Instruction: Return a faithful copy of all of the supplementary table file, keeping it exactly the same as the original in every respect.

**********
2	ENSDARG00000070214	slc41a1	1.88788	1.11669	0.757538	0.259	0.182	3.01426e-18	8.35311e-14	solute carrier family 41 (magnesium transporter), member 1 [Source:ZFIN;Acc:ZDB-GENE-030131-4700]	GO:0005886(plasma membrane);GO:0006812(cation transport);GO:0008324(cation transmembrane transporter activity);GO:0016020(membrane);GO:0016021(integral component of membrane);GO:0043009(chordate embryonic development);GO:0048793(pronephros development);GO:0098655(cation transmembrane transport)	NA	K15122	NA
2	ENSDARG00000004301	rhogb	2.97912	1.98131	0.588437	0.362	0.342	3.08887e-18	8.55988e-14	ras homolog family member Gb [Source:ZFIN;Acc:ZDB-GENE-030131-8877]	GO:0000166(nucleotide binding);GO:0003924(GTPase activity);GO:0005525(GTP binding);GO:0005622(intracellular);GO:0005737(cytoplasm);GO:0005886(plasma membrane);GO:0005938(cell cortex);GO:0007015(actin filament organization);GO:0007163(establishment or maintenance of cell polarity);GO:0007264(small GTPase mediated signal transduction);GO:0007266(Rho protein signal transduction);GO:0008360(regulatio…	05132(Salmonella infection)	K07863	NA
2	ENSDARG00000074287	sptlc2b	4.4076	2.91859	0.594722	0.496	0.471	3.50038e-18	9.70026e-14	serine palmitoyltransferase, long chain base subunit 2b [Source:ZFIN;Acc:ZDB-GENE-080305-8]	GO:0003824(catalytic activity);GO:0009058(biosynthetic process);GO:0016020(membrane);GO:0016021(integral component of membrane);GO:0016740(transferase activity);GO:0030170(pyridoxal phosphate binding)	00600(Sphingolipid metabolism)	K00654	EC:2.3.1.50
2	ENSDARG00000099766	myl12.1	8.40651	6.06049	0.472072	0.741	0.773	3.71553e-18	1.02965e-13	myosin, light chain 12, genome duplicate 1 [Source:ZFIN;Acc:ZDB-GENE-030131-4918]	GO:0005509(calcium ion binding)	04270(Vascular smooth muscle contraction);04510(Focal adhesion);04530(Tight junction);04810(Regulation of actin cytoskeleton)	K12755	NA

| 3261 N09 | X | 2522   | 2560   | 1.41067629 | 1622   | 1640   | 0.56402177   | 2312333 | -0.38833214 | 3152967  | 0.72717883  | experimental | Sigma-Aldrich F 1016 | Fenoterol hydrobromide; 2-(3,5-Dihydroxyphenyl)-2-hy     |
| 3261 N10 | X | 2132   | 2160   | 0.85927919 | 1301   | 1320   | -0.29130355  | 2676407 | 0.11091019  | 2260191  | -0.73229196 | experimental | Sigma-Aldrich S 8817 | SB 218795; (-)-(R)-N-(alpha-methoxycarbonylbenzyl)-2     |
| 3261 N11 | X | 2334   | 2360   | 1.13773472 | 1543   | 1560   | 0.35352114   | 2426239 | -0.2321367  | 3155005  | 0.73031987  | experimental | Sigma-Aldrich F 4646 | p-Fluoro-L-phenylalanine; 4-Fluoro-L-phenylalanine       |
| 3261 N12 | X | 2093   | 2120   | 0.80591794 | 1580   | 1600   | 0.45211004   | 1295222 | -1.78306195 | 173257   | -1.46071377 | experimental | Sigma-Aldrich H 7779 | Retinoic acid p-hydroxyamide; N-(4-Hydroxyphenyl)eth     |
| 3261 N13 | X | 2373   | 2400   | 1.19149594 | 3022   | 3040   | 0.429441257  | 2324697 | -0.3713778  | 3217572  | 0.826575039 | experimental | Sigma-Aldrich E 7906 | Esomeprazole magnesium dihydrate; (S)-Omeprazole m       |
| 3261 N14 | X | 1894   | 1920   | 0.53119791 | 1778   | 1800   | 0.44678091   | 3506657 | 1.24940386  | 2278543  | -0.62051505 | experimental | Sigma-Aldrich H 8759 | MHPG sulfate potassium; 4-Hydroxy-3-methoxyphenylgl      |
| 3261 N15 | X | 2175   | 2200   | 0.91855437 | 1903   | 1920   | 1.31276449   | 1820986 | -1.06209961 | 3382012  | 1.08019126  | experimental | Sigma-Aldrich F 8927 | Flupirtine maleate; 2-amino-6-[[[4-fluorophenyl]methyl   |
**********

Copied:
2	ENSDARG00000070214	slc41a1	1.88788	1.11669	0.757538	0.259	0.182	3.01426e-18	8.35311e-14	solute carrier family 41 (magnesium transporter), member 1 [Source:ZFIN;Acc:ZDB-GENE-030131-4700]	GO:0005886(plasma membrane);GO:0006812(cation transport);GO:0008324(cation transmembrane transporter activity);GO:0016020(membrane);GO:0016021(integral component of membrane);GO:0043009(chordate embryonic development);GO:0048793(pronephros development);GO:0098655(cation transmembrane transport)	NA	K15122	NA
2	ENSDARG00000004301	rhogb	2.97912	1.98131	0.588437	0.362	0.342	3.08887e-18	8.55988e-14	ras homolog family member Gb [Source:ZFIN;Acc:ZDB-GENE-030131-8877]	GO:0000166(nucleotide binding);GO:0003924(GTPase activity);GO:0005525(GTP binding);GO:0005622(intracellular);GO:0005737(cytoplasm);GO:0005886(plasma membrane);GO:0005938(cell cortex);GO:0007015(actin filament organization);GO:0007163(establishment or maintenance of cell polarity);GO:0007264(small GTPase mediated signal transduction);GO:0007266(Rho protein signal transduction);GO:0008360(regulatio…	05132(Salmonella infection)	K07863	NA
2	ENSDARG00000074287	sptlc2b	4.4076	2.91859	0.594722	0.496	0.471	3.50038e-18	9.70026e-14	serine palmitoyltransferase, long chain base subunit 2b [Source:ZFIN;Acc:ZDB-GENE-080305-8]	GO:0003824(catalytic activity);GO:0009058(biosynthetic process);GO:0016020(membrane);GO:0016021(integral component of membrane);GO:0016740(transferase activity);GO:0030170(pyridoxal phosphate binding)	00600(Sphingolipid metabolism)	K00654	EC:2.3.1.50
2	ENSDARG00000099766	myl12.1	8.40651	6.06049	0.472072	0.741	0.773	3.71553e-18	1.02965e-13	myosin, light chain 12, genome duplicate 1 [Source:ZFIN;Acc:ZDB-GENE-030131-4918]	GO:0005509(calcium ion binding)	04270(Vascular smooth muscle contraction);04510(Focal adhesion);04530(Tight junction);04810(Regulation of actin cytoskeleton)	K12755	NA

| 3261 N09 | X | 2522   | 2560   | 1.41067629 | 1622   | 1640   | 0.56402177   | 2312333 | -0.38833214 | 3152967  | 0.72717883  | experimental | Sigma-Aldrich F 1016 | Fenoterol hydrobromide; 2-(3,5-Dihydroxyphenyl)-2-hy     |
| 3261 N10 | X | 2132   | 2160   | 0.85927919 | 1301   | 1320   | -0.29130355  | 2676407 | 0.11091019  | 2260191  | -0.73229196 | experimental | Sigma-Aldrich S 8817 | SB 218795; (-)-(R)-N-(alpha-methoxycarbonylbenzyl)-2     |
| 3261 N11 | X | 2334   | 2360   | 1.13773472 | 1543   | 1560   | 0.35352114   | 2426239 | -0.2321367  | 3155005  | 0.73031987  | experimental | Sigma-Aldrich F 4646 | p-Fluoro-L-phenylalanine; 4-Fluoro-L-phenylalanine       |
| 3261 N12 | X | 2093   | 2120   | 0.80591794 | 1580   | 1600   | 0.45211004   | 1295222 | -1.78306195 | 173257   | -1.46071377 | experimental | Sigma-Aldrich H 7779 | Retinoic acid p-hydroxyamide; N-(4-Hydroxyphenyl)eth     |
| 3261 N13 | X | 2373   | 2400   | 1.19149594 | 3022   | 3040   | 0.429441257  | 2324697 | -0.3713778  | 3217572  | 0.826575039 | experimental | Sigma-Aldrich E 7906 | Esomeprazole magnesium dihydrate; (S)-Omeprazole m       |
| 3261 N14 | X | 1894   | 1920   | 0.53119791 | 1778   | 1800   | 0.44678091   | 3506657 | 1.24940386  | 2278543  | -0.62051505 | experimental | Sigma-Aldrich H 8759 | MHPG sulfate potassium; 4-Hydroxy-3-methoxyphenylgl      |
| 3261 N15 | X | 2175   | 2200   | 0.91855437 | 1903   | 1920   | 1.31276449   | 1820986 | -1.06209961 | 3382012  | 1.08019126  | experimental | Sigma-Aldrich F 8927 | Flupirtine maleate; 2-amino-6-[[[4-fluorophenyl]methyl   |